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(we will say) takes only sixteen feet six inches each
stride; he consequently loses two hundred and ninety-
three times six inches in going the mile, or about one
hundred and forty-six-feet (for we need not go into
fractional parts). This is equal to something more
than nine strides only: so in fact, if he strikes nine
times oftener than the other in two hundred and
ninety-three strides, he loses nothing by his shortened
stride: if he strikes oftener than nine times more than
the other in the same distance, he gains by the quicker
repetition of his strokes more than he loses by the
diminished length of his stride. The reason why one
horse loses a race and the other wins it is, we must
allow, generally speaking, because the losing horse
does not go over the entire ground in the same time
as the winner, and this would of course be the case
supposing that each started precisely at the same
spot and at the same moment. Then, though the race
might be won by a head only, consequently the
difference of time might not be the sixtieth part of a
second, still the fact would be that the nose that
caught the judge's eye first would have gone over
the ground in less time than the other. This is, how-
ever, a case that perhaps never occurred, or ever will;
for in point of fact, if two horses started at the same
spot, and one got the start by half a second, and won
by the sixtieth part of one, the loser would have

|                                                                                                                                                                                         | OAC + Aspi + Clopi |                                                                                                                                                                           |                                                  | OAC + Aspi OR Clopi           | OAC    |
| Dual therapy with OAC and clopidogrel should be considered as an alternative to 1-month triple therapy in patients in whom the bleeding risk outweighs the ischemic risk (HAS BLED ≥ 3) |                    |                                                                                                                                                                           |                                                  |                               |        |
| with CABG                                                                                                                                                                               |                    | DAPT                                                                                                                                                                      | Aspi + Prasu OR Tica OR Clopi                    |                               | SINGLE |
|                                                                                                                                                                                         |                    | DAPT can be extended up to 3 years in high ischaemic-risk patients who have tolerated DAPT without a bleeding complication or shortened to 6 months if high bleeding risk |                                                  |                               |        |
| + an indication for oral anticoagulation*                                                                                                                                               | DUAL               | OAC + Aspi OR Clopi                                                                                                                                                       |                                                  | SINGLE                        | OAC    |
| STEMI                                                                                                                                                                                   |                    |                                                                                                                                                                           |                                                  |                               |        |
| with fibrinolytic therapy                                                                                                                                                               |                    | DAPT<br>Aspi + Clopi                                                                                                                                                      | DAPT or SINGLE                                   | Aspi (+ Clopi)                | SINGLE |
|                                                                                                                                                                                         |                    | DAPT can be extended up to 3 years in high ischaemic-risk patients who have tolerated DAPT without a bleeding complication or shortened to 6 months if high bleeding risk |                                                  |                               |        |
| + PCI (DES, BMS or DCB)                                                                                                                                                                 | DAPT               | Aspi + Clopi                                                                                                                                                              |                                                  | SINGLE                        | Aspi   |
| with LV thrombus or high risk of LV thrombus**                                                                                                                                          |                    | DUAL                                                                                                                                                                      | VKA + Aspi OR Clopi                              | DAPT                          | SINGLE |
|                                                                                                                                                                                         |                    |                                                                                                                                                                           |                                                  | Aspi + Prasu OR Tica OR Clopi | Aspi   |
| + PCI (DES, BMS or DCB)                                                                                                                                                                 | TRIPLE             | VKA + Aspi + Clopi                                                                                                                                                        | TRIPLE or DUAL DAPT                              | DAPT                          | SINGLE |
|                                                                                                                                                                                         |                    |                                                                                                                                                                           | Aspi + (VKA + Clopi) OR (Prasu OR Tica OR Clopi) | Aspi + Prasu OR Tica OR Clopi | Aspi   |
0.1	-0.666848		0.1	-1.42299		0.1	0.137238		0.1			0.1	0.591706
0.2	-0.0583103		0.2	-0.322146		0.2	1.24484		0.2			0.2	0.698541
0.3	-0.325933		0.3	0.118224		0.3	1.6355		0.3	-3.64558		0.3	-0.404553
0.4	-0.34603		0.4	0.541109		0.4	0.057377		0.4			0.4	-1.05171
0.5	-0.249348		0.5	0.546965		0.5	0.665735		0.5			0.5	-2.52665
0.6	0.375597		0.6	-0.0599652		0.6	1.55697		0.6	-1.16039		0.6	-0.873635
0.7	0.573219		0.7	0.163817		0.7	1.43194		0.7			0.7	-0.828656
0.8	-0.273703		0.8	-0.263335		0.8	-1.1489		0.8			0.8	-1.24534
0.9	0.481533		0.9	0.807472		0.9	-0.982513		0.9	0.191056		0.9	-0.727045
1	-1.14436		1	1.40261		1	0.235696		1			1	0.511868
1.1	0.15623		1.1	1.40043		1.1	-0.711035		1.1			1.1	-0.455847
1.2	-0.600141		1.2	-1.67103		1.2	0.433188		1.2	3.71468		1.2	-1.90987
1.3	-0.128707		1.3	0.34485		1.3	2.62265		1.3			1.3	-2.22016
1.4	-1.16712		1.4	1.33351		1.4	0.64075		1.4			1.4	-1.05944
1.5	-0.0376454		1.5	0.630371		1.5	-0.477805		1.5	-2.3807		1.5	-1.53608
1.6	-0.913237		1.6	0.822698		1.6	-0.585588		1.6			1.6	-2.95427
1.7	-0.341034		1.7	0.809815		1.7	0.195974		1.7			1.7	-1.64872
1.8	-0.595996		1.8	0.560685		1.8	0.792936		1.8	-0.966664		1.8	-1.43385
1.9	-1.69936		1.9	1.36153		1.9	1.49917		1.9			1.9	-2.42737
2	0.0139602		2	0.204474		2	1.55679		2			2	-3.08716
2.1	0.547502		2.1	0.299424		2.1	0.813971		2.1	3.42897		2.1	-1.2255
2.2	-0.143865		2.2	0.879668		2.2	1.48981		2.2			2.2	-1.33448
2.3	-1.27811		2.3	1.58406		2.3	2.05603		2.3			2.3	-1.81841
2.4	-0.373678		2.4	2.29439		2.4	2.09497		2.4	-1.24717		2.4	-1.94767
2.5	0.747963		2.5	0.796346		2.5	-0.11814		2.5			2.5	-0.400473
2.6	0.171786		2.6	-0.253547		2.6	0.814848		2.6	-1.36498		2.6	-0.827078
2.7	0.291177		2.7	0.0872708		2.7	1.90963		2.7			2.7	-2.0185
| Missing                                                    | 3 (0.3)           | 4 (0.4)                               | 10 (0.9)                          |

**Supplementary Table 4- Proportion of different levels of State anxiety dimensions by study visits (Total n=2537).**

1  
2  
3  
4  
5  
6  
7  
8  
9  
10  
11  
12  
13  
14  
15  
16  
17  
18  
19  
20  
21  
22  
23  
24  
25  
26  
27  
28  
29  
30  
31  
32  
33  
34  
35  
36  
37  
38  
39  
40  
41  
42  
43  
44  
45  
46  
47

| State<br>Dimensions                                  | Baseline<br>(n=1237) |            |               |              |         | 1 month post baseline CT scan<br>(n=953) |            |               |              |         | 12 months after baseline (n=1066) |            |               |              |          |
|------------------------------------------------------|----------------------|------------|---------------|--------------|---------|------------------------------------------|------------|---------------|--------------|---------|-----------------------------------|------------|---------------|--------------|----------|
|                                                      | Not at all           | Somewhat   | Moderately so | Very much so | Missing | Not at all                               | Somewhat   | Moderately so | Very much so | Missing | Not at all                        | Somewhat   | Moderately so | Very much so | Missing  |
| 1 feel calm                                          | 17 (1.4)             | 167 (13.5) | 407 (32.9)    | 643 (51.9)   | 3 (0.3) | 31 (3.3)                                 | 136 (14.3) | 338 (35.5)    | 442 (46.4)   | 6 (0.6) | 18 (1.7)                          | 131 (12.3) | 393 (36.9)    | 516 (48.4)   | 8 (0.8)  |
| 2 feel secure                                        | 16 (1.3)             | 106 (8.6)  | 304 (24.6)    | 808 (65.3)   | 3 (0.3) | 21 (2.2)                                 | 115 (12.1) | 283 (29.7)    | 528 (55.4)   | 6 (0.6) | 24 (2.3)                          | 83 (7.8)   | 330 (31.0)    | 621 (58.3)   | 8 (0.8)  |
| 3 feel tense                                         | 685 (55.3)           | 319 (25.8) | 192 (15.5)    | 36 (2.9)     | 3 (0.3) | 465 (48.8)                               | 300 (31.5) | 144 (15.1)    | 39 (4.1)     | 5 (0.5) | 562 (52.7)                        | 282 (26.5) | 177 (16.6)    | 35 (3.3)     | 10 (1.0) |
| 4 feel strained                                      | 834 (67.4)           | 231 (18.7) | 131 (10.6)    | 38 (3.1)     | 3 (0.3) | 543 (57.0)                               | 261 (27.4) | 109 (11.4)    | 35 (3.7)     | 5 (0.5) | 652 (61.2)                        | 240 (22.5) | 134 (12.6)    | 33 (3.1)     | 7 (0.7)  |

actually gone over the ground in less time than the
winner; or supposing the loser had started half a
length only behind the winner, and been beat by a
head, he would have gone over a greater length of
ground in less time than the winner; and such cases
often occur with losers.

But, without defining things so closely as this, we


107 will allow that a winner generally does go over the same length of ground in less time than a loser. When he does it, it all arises from stroke. It matters not whether from the extraordinary length of it, or the extraordinary quick repetition of it, or both in a more moderate degree, it is still the stroke: the thing to be ascertained, therefore, is how far we may use a horse to make amends for shortening his strides by the more frequent repetition of them. A person may say such a horse lost such a race from any cause they please : he did not run kindly, or sulked all the way, or a part of it. His sulking, we will say, caused him to lose his race; that is, it was the primary cause ; but it was the effect of his sulkiness that really lost the race, and that effect was, he would not stride far enough, or would not strike quick enough to win it. In another case, it may be said the ground was too hard for him : here the effect was precisely the same, only in this case fear or infirmity produced what sulkiness did in the other.

We may say, “the hill beat him.” — “Why ?" Because it diminished his stride in length or rapidity. : “ The weight was too much for him:" the conse